Chapter 2: Short Sales vs. Foreclosure Properties – What is the Difference?
Both borrowers and buyers will find that short sales present different advantages and challenges. For homeowners, the decision between choosing a foreclosure or a shortsale will depend on their specific circumstances. Of course, before making that decision, it is important to thoroughly investigate both options and understand the differences between them.
In the previous chapter, we discussed the definition of a short sale and how it works. It is also important to understand foreclosures and how they work. What is a foreclosure? When a borrower fails to make their home mortgage payments on a regular basis, the property may be foreclosed upon, which means that the lender evicts the borrower, taking ownership of the property. These properties may be sold via real estate agent or at an auction.
Short sales offer an alternative to foreclosure in many instances, which may offer benefits to both the borrower and the creditor. Here is a closer look at the difference between a short sale and foreclosure, as well as how those differences affect homeowners, lenders and buyers.
Short Sales vs. Foreclosure Properties – When are They Used?
First, when comparing short sales vs. foreclosure properties, it is important to understand when both of these options are used. When it comes to foreclosures, they are generally used when the borrower on a mortgage has defaulted on their payments.
Although a short sale may be used when a borrower defaults on mortgage payments, it can be used in other situations as well. These transactions can also be used when borrowers think they will be unable to make future mortgage payments. Short sales may also be used if a homeowner owes more on the home loan than the home is currently worth. However, no matter the situation, a lender must agree to the transaction for it to move forward.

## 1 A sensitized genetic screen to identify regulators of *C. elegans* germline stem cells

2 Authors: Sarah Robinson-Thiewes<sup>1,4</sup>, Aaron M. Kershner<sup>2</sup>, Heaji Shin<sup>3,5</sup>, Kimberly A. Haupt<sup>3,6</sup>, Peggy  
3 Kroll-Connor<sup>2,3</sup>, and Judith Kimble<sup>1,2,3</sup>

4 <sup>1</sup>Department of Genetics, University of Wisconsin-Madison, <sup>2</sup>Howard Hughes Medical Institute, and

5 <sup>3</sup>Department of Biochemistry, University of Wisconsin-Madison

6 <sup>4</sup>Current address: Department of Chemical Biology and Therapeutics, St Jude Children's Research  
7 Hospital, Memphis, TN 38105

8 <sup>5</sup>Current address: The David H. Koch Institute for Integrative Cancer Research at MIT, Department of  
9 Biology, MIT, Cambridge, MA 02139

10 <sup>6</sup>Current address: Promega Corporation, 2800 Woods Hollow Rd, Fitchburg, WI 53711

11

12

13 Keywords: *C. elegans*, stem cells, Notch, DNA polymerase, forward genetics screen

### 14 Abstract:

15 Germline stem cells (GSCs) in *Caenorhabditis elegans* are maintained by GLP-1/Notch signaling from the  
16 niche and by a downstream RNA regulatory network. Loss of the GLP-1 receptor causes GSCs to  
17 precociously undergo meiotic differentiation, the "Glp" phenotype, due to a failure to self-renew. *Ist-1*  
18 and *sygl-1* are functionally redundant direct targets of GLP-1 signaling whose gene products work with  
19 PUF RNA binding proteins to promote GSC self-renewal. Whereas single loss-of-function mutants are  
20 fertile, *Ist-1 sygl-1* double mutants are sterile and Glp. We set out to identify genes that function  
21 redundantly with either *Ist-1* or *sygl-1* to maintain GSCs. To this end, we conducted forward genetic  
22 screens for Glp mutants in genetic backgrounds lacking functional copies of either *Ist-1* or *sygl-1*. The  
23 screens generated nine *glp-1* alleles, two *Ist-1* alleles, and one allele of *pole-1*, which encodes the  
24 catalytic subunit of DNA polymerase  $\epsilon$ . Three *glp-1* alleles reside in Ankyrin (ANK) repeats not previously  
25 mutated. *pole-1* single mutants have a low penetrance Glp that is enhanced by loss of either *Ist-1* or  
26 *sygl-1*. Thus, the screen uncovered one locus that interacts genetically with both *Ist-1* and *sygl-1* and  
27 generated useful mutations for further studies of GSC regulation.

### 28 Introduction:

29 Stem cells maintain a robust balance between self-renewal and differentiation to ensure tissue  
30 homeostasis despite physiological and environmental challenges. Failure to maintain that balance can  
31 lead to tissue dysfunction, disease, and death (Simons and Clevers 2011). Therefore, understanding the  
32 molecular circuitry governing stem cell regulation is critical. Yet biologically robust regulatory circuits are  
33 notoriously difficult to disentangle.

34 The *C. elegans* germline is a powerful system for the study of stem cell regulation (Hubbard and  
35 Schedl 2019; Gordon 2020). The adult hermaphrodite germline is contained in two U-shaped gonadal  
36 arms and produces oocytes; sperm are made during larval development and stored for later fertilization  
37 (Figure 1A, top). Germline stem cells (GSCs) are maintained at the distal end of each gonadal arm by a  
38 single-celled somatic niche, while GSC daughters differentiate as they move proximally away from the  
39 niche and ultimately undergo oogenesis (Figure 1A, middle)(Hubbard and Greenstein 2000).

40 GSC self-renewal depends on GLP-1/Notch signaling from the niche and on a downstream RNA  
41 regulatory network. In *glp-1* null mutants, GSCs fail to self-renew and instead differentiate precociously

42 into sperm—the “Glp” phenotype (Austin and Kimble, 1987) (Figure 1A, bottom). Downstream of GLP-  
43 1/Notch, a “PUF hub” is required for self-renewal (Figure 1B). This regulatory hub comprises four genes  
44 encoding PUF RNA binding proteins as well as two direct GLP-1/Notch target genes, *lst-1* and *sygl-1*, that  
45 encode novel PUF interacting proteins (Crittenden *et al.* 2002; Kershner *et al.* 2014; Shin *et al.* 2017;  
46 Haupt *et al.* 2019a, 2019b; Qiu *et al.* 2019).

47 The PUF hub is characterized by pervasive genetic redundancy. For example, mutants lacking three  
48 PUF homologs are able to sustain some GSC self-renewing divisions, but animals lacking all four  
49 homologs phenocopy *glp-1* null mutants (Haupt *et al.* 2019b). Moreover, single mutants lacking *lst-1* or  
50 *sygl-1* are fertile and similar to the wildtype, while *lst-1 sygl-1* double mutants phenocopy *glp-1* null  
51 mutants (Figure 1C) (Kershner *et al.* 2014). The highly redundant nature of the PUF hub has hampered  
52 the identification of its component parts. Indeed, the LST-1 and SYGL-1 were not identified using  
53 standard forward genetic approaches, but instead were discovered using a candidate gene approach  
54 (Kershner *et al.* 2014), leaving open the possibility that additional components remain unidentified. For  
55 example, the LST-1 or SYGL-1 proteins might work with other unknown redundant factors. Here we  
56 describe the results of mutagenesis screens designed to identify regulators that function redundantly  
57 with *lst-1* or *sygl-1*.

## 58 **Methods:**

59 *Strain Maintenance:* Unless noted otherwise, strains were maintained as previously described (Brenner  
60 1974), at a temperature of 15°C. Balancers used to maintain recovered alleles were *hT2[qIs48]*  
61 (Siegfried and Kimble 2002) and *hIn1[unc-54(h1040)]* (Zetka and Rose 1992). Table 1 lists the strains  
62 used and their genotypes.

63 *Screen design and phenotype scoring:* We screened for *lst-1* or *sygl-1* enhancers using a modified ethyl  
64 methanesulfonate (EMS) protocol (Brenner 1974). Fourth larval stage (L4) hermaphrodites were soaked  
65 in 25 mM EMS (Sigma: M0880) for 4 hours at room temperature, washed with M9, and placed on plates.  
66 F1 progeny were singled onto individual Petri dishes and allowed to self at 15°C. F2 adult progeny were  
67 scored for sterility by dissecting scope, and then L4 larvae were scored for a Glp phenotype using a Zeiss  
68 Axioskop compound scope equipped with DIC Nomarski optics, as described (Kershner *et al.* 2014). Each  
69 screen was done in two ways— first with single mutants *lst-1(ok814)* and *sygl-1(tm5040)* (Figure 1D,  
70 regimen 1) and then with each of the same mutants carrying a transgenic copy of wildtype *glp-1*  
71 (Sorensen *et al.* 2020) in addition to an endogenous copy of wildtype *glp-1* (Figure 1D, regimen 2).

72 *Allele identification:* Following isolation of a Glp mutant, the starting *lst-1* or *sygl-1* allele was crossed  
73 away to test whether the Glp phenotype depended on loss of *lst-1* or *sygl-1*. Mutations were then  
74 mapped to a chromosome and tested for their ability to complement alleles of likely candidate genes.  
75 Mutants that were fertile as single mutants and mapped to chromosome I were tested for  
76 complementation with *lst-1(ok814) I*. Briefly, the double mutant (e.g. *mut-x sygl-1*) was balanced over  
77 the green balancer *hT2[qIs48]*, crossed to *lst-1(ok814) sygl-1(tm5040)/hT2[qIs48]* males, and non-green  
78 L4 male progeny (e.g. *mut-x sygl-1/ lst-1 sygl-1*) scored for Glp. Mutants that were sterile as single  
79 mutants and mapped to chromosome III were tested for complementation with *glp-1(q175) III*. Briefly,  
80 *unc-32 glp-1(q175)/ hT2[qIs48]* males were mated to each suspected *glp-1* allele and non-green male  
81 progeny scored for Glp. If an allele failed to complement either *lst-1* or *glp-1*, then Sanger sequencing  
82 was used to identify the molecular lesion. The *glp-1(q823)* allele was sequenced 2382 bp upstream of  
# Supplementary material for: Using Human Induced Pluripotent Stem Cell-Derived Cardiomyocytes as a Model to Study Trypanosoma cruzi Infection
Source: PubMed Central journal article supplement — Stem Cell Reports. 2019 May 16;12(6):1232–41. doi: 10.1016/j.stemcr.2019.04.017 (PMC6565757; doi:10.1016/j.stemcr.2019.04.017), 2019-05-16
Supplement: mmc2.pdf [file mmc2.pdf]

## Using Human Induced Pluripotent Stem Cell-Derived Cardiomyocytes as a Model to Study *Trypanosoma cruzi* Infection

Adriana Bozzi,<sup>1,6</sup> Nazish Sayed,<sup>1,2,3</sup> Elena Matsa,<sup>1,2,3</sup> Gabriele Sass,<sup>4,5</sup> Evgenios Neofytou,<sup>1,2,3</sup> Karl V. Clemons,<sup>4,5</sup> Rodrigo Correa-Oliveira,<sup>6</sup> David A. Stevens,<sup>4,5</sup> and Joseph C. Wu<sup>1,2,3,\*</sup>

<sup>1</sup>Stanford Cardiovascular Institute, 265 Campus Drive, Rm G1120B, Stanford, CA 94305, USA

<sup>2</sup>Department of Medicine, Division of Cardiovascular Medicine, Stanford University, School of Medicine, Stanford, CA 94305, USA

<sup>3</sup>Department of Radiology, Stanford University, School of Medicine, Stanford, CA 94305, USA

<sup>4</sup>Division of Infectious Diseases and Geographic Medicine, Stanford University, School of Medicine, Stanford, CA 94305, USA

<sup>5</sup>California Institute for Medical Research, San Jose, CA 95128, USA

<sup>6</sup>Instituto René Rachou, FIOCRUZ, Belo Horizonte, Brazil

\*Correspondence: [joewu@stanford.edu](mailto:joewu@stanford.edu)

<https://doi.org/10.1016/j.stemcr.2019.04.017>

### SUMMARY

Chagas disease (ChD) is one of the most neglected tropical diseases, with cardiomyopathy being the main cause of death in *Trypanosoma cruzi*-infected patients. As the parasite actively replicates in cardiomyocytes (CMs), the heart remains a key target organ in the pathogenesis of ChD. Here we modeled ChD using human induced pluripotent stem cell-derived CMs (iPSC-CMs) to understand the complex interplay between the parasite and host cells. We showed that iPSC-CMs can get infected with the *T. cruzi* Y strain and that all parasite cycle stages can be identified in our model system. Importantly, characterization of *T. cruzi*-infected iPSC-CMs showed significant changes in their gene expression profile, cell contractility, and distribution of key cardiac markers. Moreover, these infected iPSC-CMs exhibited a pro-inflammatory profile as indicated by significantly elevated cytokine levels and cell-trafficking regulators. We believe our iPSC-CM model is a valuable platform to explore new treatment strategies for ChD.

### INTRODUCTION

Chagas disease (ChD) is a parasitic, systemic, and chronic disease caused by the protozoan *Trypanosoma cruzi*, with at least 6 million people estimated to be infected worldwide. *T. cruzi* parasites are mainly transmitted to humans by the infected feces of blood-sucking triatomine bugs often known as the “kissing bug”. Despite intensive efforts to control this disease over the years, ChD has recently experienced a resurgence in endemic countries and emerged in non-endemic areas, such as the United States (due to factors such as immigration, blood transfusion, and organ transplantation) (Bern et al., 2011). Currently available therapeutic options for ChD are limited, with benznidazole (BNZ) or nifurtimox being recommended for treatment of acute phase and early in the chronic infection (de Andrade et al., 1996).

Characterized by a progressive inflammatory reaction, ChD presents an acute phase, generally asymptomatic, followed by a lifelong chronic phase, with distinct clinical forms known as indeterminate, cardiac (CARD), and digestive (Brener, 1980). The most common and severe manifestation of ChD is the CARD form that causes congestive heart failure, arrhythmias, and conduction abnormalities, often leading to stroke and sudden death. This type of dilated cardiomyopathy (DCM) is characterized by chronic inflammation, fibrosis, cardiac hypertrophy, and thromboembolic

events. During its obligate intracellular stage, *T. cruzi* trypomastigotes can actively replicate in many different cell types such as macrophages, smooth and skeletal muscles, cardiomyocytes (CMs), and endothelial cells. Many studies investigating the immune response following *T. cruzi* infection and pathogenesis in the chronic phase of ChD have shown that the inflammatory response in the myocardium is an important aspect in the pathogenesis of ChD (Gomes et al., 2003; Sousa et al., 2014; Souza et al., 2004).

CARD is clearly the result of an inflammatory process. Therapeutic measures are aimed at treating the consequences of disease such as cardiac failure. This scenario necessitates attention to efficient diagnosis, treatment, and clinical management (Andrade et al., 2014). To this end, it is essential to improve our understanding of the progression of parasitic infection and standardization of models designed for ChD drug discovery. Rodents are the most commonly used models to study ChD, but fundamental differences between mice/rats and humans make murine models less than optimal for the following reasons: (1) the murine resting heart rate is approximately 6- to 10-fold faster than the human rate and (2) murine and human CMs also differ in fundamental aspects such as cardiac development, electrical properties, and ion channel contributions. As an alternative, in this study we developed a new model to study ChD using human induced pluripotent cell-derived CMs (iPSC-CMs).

Comparing the Benefits of Shortsales vs. Foreclosures
When looking at the differences between foreclosure properties and short sale homes, the differences can be seen in the benefits that each option has to offer. One of the benefits of a short sale versus a foreclosure is that homeowners can stay current on payments while working to go through with a shortsale transaction. This helps to avoid the credit damage that comes with missing payments and going into default.
Short sales also offer sellers the benefit of having more say in the sale price of the home. It is in the best interest of the seller to get as high of a price as possible to avoid owing money on the loan after the sale. However, even though you may have more say in the final sale price, the offer still has to be approved by the bank.
Many homeowners find that a short sale offers the benefit of avoiding the social stigma that often comes with going through a foreclosure. No one enjoys the stigma of having a home foreclosed upon, which makes these transactions beneficial to many individuals.
Homeowners that choose shortsales also have the benefit of being able to buy a house more quickly. If payments have not fallen more than 30 days behind and the lender does not require a deficiency judgment, it may be possible to buy another home fairly quickly. Keep in mind, it may be a bit more difficult to find a lender to fund the loan. Of course, when compared to buying after a foreclosure, a shortsale has many benefits. After going through a foreclosure, it may take 5-7 years before a home can be purchased again.
Potential Tax Consequences of Both Options
The potential tax consequences of foreclosures and short sales must be considered when looking at the differences between the two options. Currently, legislation relieves short sellers of facing Federal tax consequences. While the amount of the loan forgiven by the lender is technically considered to be income by the IRS, this tax burden is eliminated. However, state local taxes may apply.